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Written for the River Current publication November 8, 2012

In the year 1967, The Dirty Dozen referred to a World War II film starring Ernest Borgnine and Donald Sutherland. 

Today, “The Dirty Dozen” now has a completely different meaning. I guess you could say it is still a war, but now it is a war-of-sorts, commonly referred to as, The Wellness Revolution.

In a recent article, I discussed the need for eating clean and fresh. As easy as that may sound; it does present itself with some difficulties, due to residual pesticides now commonly found on our fruits and vegetables. A new report issued by the President’s Cancer Panel recommends eating produce without pesticides to reduce your risk of cancer and other diseases. 

Further, research by the Environmental Working Group, has also found that eating certain types of organic produce can reduce the amount of toxins you consume on a daily basis by as much as 80 percent. Because buying organic food can be more costly, the Environmental Working Group's annual list of the dirty dozen foods is useful in helping us to prioritize what we choose to buy organic or non-organic. 

The group analyzes Department of Agriculture data about pesticide residue and ranks foods based on how much or little pesticide residue they have. This year the Dirty Dozen was expanded to include two crops -- green beans and leafy greens; meaning kale and collard greens, which are commonly contaminated with highly toxic organophosphate insecticides.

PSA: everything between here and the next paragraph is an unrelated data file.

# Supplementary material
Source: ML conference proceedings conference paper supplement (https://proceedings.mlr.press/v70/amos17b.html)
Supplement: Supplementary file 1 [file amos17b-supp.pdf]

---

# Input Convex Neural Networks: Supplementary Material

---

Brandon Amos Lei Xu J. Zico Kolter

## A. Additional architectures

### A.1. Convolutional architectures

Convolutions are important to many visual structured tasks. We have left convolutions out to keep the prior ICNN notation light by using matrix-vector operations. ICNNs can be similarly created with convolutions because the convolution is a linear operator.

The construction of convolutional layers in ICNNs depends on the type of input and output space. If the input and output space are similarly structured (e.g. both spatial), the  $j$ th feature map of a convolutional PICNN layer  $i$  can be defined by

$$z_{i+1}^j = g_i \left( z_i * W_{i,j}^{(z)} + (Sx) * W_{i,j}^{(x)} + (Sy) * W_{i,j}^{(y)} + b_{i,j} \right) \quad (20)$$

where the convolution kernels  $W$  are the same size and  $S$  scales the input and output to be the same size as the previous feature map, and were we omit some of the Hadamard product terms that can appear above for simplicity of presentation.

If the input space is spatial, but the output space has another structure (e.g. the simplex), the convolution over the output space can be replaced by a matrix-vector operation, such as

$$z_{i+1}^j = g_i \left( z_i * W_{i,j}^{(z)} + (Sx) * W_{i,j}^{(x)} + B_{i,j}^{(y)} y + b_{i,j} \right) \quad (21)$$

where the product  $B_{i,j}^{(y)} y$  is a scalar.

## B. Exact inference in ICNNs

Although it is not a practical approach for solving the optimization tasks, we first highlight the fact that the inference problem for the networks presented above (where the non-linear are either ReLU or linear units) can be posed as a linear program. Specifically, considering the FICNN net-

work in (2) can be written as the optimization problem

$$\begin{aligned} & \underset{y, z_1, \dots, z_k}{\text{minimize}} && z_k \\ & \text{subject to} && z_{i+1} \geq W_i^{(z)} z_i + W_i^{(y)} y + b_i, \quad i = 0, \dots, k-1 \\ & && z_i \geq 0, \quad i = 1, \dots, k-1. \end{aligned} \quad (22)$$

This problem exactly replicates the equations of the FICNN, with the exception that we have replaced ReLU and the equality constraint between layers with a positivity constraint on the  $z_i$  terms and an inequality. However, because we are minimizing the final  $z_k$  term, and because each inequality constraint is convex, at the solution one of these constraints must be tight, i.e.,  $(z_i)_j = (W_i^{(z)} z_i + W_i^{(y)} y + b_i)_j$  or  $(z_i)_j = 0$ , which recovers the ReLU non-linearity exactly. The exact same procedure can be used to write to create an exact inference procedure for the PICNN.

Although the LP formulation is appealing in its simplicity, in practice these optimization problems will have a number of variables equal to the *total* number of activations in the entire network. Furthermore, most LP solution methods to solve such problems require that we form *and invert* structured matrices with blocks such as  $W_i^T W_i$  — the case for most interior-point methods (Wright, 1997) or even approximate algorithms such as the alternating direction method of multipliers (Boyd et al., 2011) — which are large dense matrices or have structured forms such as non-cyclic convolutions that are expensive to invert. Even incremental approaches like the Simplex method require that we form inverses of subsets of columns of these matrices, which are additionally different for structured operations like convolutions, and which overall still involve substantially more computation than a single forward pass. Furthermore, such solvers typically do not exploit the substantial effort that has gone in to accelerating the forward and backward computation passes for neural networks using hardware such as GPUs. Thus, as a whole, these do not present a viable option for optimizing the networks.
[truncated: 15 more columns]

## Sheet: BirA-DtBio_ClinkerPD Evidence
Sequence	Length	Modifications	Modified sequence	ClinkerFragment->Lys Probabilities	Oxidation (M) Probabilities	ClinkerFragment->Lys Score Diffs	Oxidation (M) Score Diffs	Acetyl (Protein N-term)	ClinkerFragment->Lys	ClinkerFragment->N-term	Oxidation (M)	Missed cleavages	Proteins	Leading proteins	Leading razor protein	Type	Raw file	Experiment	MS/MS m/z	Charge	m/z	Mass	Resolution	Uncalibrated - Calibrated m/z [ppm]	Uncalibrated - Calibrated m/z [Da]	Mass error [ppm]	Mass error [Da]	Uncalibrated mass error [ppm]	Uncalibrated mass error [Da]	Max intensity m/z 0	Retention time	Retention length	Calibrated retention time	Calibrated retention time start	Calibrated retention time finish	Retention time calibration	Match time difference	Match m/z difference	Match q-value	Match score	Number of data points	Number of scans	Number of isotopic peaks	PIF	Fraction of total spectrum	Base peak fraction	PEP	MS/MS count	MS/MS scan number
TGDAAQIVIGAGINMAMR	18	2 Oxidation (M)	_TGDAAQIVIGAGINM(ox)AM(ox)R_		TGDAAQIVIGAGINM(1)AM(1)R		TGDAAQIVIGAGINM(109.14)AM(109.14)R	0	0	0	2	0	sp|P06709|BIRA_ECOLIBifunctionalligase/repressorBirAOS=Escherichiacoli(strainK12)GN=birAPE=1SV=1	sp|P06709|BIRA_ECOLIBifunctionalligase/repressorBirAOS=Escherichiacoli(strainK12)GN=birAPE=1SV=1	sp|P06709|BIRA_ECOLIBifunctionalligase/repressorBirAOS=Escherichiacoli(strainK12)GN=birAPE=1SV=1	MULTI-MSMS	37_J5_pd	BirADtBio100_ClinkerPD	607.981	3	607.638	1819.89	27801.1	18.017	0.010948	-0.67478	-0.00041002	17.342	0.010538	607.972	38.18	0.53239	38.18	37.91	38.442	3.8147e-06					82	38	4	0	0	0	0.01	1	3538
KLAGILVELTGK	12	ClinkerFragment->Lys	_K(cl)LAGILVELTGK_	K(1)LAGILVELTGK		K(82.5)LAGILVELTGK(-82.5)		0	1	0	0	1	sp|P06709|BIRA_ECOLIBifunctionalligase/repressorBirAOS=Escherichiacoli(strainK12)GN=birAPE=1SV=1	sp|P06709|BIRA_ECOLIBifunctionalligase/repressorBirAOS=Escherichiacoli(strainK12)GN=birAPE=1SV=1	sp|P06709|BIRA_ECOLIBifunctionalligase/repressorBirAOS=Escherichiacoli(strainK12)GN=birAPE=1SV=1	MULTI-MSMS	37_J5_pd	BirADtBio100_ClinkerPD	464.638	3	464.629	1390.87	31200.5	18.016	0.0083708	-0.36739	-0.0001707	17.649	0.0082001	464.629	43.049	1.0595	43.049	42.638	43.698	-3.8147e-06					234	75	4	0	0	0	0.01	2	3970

These insecticides are toxic to the nervous system and have been largely removed from agriculture over the past decade. However, because these insecticides are not banned from use, they still show up on some food crops.

The fruits and vegetables on “The Dirty Dozen” list, when conventionally grown, tested positive for at least 47 different chemicals, with some testing positive for as many as 67. For produce on the “dirty” list, you should definitely go organic, if at all possible. In general, tree fruits, berries, and leafy greens dominate the “dirty” list. Those fruits and veggies at the top of the pesticide laden list: apples, celery and sweet bell peppers. 

Two lists have been put together, “The Dirty Dozen” and “The Clean 15,” to help consumers make the choice between organic and non-organic. Since the USDA tests produce after a typical household preparation, fruits and vegetables with thick skins that are removed before eating (melons, avocado, corn, etc.) tend to have the lowest amounts of pesticide residue. Research has found that produce on “The Clean 15” showed little to no traces of pesticides, and are safe to consume in non-organic form. 

Perhaps you will want to clip this list and keep it tucked in your purse or wallet.  (I always seem to forget when I'm at the grocery store!) 

Image result for dirty dozen food pics


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